The key moral question and choice of our time

During the Shoah, some people and groups sat by, had every reason to believe hundreds of thousands were being slaughtered, if not more, yet did nothing, for all the usual reasons, cost, convenience, risk. And they were later criticized, and some hung heads in shame.

The voyage of the United States through history can be seen as the journey of a fumbling people, aboard a creaking, barely built to function craft, realizing painfully and sometimes with blood that their passenger manifest of freedom and mutual caring needs to ever grow, embracing more, bringing more on board, lest the ideals that launched us be proven to be lies.

And now, through the Science that has made the United States and the world great, we know these facts: That our unwitting use of fossil fuels has initiated a disruptive experiment with our only planet Earth, that the consequences of failure to reform willl be severe and have a slight chance of being catastrophic. That the people of the future will suffer the consequences of our irresponsibility, at least to the extent we realize those consequences and do nothing, for all the usual reasons, cost, convenience, risk. And do we feel any bit of shame for grasping the hands of these struggling future Americans, and throwing them overboard?

This is a profoundly moral question, one which should be at the center and in the Lev Torah of every community that claimd religiosity or spirituality as their currency. To the degree it does not, condemns in my opinion these communities to moral irrelevance and hypocrisy. Little else matters. There are lives now, but if, in living, the lives of the great-grandchildren are terminated, how is that a life?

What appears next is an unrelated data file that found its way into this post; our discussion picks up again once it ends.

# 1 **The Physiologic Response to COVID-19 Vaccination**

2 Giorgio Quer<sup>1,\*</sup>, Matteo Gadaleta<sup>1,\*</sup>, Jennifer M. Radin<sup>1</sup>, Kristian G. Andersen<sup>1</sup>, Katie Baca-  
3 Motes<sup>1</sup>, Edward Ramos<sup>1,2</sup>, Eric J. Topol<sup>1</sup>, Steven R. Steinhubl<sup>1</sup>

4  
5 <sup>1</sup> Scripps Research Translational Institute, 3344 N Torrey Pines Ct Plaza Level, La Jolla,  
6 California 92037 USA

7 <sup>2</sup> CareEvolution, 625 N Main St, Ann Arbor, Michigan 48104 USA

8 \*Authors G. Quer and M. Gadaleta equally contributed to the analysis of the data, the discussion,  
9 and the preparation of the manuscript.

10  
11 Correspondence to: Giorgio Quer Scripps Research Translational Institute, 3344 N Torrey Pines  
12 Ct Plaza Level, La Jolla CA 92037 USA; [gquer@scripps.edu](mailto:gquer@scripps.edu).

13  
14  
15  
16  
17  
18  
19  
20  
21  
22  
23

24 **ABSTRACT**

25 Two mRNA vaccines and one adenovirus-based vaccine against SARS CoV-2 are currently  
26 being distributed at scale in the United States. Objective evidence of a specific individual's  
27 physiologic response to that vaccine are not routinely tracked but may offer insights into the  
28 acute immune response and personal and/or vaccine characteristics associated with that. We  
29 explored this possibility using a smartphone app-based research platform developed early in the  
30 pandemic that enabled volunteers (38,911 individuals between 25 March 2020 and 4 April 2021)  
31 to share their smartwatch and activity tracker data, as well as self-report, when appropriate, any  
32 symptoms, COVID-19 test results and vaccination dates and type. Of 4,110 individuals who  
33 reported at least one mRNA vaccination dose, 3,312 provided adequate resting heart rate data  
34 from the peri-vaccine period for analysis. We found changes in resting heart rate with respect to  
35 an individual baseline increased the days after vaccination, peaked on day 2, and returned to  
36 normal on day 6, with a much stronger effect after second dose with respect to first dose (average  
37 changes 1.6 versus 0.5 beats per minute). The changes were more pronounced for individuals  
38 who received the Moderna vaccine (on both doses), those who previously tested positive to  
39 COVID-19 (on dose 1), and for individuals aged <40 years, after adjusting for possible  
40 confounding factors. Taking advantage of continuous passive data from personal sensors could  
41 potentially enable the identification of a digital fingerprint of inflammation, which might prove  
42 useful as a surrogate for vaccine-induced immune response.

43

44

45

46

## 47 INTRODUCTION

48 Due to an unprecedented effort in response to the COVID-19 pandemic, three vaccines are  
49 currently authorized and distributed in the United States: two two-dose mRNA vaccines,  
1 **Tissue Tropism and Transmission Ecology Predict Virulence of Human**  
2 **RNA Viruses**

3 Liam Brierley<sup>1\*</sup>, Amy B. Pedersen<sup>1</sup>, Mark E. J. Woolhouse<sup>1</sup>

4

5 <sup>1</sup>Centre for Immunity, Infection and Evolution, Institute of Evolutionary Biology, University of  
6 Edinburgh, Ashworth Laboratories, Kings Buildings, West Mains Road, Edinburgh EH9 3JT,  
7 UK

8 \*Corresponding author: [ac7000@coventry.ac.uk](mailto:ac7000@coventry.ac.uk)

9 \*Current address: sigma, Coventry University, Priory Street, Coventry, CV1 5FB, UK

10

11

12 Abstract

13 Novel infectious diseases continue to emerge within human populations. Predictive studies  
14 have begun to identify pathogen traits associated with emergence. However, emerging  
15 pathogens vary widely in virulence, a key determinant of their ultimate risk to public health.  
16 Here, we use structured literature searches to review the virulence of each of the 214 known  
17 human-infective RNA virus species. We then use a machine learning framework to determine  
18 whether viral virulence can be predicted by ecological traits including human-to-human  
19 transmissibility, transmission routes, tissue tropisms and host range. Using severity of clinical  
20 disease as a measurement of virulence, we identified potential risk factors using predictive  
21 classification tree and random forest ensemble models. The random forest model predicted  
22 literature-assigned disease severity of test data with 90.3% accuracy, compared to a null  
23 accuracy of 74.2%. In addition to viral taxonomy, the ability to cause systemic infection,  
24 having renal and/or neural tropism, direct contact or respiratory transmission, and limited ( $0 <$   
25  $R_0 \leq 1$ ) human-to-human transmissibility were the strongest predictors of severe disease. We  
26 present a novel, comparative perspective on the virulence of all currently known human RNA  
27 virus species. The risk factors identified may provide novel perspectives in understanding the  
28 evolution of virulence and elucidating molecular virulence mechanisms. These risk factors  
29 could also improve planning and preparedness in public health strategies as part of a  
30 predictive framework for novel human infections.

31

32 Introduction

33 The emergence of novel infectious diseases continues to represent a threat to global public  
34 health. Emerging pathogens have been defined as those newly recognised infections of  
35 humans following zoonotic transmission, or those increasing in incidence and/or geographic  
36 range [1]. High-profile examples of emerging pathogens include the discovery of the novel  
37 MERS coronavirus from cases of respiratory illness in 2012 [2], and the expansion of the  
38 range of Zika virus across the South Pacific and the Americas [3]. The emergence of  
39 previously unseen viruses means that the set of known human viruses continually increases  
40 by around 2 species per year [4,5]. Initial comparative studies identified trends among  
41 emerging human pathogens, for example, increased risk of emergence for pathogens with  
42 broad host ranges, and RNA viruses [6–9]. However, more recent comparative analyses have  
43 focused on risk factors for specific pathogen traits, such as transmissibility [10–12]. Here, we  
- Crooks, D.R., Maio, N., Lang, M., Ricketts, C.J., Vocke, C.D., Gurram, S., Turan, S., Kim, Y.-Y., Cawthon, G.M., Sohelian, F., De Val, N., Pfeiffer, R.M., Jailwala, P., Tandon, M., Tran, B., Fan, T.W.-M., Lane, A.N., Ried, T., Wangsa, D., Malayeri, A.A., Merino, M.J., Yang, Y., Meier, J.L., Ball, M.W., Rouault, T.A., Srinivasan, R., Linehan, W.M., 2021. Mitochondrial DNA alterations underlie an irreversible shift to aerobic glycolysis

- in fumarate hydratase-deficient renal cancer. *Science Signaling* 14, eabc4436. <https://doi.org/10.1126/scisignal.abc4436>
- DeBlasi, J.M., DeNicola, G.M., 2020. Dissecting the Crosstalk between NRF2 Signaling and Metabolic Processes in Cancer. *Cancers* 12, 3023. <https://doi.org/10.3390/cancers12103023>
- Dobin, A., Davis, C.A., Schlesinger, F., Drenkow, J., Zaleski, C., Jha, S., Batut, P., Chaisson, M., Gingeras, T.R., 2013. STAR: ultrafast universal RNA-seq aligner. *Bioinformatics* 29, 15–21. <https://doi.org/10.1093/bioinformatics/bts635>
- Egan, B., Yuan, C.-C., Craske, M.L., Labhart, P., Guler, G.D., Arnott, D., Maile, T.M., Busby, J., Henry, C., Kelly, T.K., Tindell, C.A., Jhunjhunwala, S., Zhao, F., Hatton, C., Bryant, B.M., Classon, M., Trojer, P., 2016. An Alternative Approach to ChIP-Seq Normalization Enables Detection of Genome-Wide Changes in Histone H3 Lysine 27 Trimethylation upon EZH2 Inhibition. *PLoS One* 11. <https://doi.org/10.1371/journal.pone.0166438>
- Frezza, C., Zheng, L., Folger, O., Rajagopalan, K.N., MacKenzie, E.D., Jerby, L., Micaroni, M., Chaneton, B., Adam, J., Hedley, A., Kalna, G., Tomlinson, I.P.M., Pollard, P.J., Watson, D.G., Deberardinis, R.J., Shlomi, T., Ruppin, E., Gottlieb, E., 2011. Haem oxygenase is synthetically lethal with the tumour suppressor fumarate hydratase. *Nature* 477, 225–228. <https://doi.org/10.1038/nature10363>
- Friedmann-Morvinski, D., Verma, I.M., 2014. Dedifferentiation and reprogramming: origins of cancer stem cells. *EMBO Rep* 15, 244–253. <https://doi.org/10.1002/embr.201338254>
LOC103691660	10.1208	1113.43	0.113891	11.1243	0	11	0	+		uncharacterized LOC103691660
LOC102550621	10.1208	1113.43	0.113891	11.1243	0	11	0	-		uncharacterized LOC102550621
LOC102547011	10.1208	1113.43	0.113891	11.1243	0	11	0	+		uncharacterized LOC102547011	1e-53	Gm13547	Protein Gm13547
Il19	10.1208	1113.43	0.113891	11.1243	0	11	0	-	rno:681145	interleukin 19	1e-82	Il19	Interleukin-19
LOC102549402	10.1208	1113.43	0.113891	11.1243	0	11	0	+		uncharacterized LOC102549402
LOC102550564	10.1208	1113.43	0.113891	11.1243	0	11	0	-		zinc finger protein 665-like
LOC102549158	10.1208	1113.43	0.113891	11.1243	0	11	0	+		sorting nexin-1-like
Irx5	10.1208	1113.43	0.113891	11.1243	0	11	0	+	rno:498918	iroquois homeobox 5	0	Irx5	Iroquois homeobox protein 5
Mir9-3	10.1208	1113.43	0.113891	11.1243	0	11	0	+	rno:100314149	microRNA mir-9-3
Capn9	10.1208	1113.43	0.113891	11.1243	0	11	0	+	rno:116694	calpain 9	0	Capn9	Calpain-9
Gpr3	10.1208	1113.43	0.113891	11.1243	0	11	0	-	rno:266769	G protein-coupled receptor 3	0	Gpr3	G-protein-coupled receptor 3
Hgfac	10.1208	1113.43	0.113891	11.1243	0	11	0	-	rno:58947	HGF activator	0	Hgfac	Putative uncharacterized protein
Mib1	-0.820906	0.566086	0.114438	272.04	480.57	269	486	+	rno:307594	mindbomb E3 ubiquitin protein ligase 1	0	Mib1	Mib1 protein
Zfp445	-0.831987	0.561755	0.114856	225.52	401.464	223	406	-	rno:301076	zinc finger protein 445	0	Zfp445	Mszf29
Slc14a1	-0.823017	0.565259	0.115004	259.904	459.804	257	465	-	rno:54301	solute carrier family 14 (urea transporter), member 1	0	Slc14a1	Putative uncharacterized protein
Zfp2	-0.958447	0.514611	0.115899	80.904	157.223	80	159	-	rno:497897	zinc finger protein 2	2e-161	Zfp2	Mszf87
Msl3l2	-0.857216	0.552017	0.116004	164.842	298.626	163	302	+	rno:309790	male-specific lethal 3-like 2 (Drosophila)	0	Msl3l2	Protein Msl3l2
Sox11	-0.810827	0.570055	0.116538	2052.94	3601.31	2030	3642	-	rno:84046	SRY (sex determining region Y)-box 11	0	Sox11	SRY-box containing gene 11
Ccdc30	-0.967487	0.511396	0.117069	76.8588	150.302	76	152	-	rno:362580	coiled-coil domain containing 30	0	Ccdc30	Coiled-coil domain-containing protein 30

“All the good you have done”, said the Prophet Jones. “all the good you can imagine doing, will be wiped out, wiped out by floods, by fires, by superstorms, if you fail to act now to deal with this crisis that is a gun—a gun—pointed at the head of the future.” New Orleans will not matter. Ground Zero will not matter. Sandy Hook will not matter. Planting roses and flowers, gifts to Burundi and Somalia and Haiti, and neighbirhood trash collections will not matter, because they or their children will die in the hundreds of thousands if not millions, simply because many of us chose fossil fuels as a means of getting to where we wanted to be to make a living, let alone that living itself.

This is a moral choice, difficult, overwhelming. As all such, we cannot fix it at once. We are complicit. We are the people of Nazi Germany. Our first responsibility is to stand up and bear religious witness. The real responsibility is to stare evil in its face and move away from the comfort and false repose in a fossil fuel based world.

So, I want to hear it … Will you let this happen? Will you let the crisis we own overwhelm the future and our grandchildren? Will you do nothing?

We can do it. We can change this sin of overselves into a promised land. We can do it with faith and proper choices. I want to hear “Amen”. Say “Amen” and promise with me to work for that fossil fuel free delving free dream!

Thank you, as will our kids, and theirs, and theirs ….

About ecoquant

See Retired data scientist and statistician. Now working projects in quantitative ecology and, specifically, phenology of Bryophyta and technical methods for their study.
This entry was posted in climate, climate education, environment, geophysics, science and tagged , . Bookmark the permalink.

3 Responses to The key moral question and choice of our time

  1. Pingback: “Ultimately the public will understand that they were being lied to, betrayed” | Hypergeometric

  2. Pingback: Another Week of Global Warming News, March 30, 2014 – A Few Things Ill Considered

  3. Why this now? We who know how the journey must end can afford to be patient along the path.

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